• You will probably be given the opportunity to ask questions at the end of the interview.  Be prepared with thoughtful questions that clarify the position.
  • Be confident and professional. We recommend dressing professionally and sitting with straight posture as you would if you were interviewing in-person.

In-person interview

  • When invited for an in-person interview, be prepared. Ask the HR person or hiring manager what the format of the day will look like.
  • When talking to people individually, start with your brief value statement (aka elevator pitch). This prepared statement serves as a starting point for conversation.
  • Prepare for the job talk. Consider the broad audience and discuss the impact of your research. Discuss your ability to join the team successfully and hit the ground running.  Read more about acing your job talk.
  • Dress appropriately. It is often said that you cannot over-dress for an interview, but be flexible. Read more interview attire tips.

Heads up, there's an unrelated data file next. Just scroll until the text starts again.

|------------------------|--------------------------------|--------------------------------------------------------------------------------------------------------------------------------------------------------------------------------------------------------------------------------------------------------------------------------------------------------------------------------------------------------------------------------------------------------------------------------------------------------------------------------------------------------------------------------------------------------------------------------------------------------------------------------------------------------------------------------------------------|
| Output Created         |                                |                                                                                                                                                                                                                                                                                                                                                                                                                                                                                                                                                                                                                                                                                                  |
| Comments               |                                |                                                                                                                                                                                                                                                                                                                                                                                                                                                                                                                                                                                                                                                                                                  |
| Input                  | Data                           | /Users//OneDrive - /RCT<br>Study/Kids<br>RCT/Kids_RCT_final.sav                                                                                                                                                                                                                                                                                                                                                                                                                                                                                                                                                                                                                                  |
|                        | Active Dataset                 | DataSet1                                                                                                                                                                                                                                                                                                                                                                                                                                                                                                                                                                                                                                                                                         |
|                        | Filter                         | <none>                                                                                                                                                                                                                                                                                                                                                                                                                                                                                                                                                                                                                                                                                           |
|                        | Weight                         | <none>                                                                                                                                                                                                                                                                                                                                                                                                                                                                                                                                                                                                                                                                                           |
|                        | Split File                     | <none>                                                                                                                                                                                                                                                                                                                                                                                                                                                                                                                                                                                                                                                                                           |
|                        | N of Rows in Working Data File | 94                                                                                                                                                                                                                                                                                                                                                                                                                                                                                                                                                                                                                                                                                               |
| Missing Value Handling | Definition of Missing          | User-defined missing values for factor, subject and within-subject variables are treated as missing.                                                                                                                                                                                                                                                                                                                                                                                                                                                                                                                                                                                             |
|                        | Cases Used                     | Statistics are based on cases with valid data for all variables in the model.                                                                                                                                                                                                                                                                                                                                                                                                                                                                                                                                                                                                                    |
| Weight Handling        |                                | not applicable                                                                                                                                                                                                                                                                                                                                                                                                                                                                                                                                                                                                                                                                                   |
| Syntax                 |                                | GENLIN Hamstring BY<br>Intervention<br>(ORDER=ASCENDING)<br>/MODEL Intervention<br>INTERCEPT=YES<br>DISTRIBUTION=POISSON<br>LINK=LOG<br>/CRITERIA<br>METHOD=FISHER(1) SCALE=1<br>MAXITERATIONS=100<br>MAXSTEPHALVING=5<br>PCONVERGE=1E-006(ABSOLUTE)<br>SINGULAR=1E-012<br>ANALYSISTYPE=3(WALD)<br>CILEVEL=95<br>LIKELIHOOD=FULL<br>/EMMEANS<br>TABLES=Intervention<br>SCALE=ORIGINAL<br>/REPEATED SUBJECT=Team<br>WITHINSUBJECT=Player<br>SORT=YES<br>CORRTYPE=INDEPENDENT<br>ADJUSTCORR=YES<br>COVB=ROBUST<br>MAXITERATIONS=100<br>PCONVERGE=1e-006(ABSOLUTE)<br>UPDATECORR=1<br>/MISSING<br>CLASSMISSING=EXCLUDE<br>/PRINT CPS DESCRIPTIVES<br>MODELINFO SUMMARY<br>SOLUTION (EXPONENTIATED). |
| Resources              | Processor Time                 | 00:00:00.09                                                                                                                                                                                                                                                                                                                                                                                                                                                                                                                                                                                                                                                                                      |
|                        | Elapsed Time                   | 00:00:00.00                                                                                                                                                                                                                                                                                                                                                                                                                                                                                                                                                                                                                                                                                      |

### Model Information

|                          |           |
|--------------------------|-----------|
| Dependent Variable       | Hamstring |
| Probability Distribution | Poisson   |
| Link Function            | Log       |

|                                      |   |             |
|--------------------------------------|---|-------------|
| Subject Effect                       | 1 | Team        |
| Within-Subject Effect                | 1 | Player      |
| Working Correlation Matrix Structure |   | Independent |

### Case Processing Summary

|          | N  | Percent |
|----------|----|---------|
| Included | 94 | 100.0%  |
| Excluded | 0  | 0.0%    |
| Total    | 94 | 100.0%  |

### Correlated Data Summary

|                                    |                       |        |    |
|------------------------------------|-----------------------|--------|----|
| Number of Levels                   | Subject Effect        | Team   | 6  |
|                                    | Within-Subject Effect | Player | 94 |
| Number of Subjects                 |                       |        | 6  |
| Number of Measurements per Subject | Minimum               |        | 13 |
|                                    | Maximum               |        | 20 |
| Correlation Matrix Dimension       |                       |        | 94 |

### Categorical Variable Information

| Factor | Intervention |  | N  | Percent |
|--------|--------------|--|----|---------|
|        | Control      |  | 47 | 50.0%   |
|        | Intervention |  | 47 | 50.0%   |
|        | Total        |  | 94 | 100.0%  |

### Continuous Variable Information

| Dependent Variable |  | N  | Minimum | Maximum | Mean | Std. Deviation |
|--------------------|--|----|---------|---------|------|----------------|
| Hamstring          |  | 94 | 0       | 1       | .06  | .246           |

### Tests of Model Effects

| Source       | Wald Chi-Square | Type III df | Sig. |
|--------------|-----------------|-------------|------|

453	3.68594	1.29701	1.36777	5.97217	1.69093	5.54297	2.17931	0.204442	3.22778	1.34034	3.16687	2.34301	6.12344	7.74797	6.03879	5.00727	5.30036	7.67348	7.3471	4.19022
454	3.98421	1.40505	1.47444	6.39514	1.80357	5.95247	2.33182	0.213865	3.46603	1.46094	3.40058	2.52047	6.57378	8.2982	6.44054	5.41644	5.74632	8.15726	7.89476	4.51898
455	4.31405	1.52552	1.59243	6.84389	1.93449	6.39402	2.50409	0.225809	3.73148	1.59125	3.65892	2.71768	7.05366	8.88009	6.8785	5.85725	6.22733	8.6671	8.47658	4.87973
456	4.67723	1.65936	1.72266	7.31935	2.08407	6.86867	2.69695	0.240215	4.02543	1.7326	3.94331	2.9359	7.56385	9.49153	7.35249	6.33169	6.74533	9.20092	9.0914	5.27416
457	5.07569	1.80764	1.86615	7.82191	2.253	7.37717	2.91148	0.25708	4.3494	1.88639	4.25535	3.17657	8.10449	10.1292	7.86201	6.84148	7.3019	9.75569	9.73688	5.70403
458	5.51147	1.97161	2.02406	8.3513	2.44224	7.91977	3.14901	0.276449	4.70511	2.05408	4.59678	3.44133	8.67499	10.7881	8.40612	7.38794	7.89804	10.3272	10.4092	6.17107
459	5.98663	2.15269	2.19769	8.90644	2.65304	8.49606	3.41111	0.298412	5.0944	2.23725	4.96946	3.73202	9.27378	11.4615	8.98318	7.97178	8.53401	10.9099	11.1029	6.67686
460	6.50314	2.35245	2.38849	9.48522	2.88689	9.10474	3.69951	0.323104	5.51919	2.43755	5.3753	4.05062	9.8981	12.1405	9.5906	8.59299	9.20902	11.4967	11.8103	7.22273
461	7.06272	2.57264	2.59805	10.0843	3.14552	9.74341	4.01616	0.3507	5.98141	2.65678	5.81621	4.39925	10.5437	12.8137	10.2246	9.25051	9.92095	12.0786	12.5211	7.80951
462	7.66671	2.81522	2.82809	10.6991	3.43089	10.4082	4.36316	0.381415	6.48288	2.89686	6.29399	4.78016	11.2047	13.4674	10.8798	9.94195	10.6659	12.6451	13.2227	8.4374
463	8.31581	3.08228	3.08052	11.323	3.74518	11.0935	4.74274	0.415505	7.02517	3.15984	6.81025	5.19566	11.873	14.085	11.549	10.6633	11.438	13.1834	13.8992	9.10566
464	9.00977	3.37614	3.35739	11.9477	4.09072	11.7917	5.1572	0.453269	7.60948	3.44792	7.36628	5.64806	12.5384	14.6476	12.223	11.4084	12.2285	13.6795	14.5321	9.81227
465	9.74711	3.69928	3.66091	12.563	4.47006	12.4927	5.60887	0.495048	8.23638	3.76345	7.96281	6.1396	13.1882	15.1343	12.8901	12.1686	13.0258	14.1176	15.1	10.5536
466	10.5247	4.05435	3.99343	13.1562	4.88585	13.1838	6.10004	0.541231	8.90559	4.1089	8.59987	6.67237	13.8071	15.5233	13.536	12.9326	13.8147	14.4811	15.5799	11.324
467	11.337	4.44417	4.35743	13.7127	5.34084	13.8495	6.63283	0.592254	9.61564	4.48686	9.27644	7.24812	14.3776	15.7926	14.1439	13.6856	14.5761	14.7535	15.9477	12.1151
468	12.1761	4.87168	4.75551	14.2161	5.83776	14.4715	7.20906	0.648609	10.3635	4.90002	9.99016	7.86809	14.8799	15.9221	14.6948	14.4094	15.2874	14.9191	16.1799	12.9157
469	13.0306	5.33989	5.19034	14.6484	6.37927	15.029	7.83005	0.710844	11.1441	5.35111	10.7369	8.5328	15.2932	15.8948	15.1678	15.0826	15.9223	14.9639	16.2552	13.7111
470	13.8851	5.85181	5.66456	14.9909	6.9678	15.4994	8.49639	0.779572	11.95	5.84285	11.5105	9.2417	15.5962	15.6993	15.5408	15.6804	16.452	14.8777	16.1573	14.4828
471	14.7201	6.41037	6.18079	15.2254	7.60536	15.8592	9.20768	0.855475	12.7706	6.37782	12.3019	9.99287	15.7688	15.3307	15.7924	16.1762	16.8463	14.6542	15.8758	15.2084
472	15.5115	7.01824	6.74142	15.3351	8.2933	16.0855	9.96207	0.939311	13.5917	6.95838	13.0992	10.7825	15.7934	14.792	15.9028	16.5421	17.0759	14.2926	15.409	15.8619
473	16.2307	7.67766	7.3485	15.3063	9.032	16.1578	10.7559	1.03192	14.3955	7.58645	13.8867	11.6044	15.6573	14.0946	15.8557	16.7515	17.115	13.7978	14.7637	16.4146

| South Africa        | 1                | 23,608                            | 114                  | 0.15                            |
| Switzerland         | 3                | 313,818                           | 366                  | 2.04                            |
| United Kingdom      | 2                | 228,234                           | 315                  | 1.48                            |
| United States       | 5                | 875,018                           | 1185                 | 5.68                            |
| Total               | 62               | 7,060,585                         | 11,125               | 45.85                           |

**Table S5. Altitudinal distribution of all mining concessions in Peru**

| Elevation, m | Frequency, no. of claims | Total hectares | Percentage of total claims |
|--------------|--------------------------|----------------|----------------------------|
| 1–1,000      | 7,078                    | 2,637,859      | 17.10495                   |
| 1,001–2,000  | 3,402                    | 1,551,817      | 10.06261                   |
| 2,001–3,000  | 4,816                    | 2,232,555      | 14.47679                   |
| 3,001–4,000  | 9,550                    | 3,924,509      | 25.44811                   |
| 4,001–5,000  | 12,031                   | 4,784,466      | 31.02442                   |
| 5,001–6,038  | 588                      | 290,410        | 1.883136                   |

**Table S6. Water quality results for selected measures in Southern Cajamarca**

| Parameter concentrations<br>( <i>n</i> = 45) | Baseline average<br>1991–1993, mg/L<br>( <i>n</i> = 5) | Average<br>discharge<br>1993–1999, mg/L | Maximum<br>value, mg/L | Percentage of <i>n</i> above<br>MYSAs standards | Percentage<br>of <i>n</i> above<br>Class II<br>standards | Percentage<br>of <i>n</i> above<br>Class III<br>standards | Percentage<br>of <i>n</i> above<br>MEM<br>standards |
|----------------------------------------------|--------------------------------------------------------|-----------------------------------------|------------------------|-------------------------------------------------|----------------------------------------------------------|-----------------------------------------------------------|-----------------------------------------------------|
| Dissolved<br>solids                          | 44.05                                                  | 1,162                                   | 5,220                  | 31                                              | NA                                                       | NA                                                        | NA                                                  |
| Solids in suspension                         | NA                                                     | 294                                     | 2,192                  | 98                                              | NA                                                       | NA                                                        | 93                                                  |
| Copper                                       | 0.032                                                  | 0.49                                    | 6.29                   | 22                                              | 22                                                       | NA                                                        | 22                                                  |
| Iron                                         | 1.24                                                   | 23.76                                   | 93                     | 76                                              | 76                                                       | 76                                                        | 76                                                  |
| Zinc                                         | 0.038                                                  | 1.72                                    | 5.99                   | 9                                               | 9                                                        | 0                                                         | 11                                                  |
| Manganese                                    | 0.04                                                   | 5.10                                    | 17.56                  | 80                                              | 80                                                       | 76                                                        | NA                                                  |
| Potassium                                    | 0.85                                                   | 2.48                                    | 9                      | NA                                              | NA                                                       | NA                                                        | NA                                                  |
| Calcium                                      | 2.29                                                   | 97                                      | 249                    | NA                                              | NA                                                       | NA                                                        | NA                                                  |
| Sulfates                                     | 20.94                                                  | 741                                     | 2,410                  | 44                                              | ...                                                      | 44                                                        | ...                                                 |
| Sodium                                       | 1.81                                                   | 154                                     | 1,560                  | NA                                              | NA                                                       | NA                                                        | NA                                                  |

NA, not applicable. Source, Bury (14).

Follow-up after the interview

  • Reflect on your experience. Will it fit you personally and professionally?
  • Write a thank you e-mail for each person you met with during the interview day within 24 – 48 hrs. Express appreciation for their time and also comment on something interesting that you learned from your conversation.


  • Nervous about negotiation? A common misconception in negotiation is that you have no bargaining power. Negotiation is part what you say and all about how you say it.
  • Be prepared to negotiate during the interview. Read typical questions and suggested responses for negotiation success.
  • When you are offered the job, express enthusiasm about the offer and the job. Then ask for the offer details in writing.
  • Prepare for your conversation by knowing which topics you will negotiate and which variables you are willing to concede. Read strategies for negotiating compensation packages.